Admittedly, I’m no different. On several occasions, I’ve said to myself “if I had the money and no exams, I’d definitely go”. Of course, these were just convenient excuses. Even with the money and no exams, I’d surely find some reason not to go. In a sense, it’s part of the mystique that accompanies Wrestlemania, the Superbowl, the World Cup, or any other larger-than-life cultural event. Accessible, but always just out of reach.

But this year, things changed.

In mid-November, blindly ignoring conventional logic, I made the abrupt and unreasonable decision to travel 3,100 miles for a professional wrestling event. Six minutes later, I had a seat in Section 312 of MetLife Stadium ($89), and a round-trip flight to JFK ($387).

No more daydreaming or excuses. I was going to Wrestlemania XXIX.

WRESTLEMANIA WEEK

I arrived in New York on Tuesday, and spent two days taking in sporting events (Rangers/Penguins, Yankees/Red Sox). I also caught Newsies at the Nederlander Theatre, which was highlighted by a chance run-in with Christopher McDonald (Shooter McGavin of Happy Gilmore fame).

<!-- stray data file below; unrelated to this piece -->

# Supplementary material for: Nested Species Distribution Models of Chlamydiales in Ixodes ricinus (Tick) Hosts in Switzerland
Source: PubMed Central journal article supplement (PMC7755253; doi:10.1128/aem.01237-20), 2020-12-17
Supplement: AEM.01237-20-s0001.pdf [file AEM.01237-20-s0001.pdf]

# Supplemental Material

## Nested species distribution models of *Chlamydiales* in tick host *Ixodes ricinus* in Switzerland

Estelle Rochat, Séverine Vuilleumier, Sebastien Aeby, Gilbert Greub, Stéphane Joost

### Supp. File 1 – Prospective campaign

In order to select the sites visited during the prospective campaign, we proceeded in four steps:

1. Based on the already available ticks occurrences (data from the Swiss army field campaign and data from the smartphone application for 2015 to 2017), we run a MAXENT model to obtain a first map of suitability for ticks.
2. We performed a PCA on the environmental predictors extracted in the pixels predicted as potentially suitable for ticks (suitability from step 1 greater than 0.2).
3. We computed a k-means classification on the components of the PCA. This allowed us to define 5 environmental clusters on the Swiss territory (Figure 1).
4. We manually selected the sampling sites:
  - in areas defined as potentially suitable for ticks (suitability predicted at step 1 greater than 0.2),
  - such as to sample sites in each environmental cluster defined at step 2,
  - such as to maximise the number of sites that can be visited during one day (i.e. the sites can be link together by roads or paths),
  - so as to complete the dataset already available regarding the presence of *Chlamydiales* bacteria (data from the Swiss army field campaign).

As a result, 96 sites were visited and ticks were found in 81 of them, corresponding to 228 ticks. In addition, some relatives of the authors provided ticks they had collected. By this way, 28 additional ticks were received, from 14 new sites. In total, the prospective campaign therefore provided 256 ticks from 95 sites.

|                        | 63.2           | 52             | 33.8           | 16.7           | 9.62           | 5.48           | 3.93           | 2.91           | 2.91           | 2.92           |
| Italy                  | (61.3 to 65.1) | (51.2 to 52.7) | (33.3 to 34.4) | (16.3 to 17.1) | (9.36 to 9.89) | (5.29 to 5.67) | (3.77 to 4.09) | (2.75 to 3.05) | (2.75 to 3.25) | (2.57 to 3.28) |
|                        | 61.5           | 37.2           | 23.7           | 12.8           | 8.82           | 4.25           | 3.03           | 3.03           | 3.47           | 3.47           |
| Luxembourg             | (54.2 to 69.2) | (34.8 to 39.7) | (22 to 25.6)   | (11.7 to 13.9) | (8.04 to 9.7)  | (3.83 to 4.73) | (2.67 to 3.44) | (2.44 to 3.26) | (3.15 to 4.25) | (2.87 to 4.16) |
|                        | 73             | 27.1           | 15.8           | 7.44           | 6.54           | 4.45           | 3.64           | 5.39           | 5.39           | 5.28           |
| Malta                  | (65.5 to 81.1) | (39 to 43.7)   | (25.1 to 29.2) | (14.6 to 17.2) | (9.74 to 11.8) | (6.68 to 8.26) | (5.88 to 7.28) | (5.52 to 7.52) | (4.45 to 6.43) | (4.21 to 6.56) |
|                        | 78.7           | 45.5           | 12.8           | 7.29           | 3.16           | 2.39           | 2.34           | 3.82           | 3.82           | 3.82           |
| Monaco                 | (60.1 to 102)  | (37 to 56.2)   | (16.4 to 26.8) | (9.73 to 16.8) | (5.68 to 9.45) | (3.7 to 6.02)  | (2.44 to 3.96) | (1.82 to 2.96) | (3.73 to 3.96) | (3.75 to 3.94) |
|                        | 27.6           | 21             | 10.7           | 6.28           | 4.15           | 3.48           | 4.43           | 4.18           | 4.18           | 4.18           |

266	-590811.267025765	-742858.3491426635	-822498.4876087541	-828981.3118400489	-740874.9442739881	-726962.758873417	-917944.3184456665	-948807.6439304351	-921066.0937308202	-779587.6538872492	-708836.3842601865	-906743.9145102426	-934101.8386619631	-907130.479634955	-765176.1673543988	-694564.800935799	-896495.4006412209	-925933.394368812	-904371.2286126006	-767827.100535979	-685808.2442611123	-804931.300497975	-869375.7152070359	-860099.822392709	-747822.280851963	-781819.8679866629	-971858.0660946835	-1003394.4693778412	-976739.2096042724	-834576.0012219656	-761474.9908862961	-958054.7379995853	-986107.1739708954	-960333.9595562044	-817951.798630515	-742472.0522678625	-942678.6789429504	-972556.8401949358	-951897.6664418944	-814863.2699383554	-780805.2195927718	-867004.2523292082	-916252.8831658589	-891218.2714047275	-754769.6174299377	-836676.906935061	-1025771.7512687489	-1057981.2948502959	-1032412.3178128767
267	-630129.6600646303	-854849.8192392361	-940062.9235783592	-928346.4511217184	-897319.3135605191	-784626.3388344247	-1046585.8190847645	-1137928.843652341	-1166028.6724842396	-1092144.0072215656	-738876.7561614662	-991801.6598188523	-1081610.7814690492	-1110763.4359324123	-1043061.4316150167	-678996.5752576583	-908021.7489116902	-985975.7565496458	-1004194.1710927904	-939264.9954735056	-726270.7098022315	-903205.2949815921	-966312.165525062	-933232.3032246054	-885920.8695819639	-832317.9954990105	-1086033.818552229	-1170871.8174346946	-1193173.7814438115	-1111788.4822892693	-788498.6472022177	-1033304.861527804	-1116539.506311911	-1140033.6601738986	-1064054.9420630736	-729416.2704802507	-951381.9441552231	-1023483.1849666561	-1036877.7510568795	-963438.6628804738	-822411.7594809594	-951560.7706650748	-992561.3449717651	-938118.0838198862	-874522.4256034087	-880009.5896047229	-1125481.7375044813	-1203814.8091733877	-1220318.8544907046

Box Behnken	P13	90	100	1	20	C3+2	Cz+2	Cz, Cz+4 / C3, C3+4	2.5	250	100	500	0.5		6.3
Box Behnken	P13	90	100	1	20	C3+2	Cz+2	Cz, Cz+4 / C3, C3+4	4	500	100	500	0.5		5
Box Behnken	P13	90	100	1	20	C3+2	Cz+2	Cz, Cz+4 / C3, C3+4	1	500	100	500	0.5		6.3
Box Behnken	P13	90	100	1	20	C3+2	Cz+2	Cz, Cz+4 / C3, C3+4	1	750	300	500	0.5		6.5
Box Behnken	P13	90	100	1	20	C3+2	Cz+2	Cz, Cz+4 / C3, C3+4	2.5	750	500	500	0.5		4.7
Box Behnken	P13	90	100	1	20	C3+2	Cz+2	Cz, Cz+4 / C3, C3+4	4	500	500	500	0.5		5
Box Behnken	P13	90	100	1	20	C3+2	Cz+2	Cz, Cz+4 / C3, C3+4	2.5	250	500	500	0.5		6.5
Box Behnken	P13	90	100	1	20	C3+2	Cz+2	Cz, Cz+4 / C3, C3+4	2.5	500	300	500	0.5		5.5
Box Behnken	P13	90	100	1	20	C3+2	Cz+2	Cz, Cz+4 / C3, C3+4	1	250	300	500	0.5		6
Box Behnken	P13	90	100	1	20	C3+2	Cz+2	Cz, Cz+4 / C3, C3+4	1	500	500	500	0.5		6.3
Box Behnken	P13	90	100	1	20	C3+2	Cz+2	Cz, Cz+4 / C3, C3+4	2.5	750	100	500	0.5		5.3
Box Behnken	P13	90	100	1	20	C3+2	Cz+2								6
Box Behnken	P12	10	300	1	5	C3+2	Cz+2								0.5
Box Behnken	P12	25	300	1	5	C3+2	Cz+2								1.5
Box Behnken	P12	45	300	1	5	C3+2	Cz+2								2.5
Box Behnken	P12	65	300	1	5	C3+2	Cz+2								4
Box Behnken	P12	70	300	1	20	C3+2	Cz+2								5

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While a number of Wrestlemania XXIX advertisements were spotted around Manhattan (see below for JFK Airport, NYC Tourism Center and Radio City Music Hall), I was generally underwhelmed by the event’s marketing. Perhaps ignorantly, I expected Wrestlemania to be promoted on a Superbowl level.

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On Friday, I was at the Hammerstein Ballroom (home of the One Night Stand series) for Ring of Honor’s SuperCard of Honor VIII. In many ways, ROH evokes memories of ECW. The wrestling is strong, the fanbase is demanding and several performers (CM Punk, Daniel Bryan, Seth Rollins) have gone on to WWE superstardom.

The show itself was decent and featured a terrific undercard match between Michael Elgin and Jay Lethal.

The crowd was another story.

In addition to an alarming number of “yes!” and anti-John Cena chants, the ROH crowd demonstrated a particular adeptness in recognizing the flaws all performers (lack of precision, recent weight gain and off-screen promiscuity). After a while, I actually felt sorry for chief official Todd Sinclair (“he’s counting fast so he can go to Five Guys!”)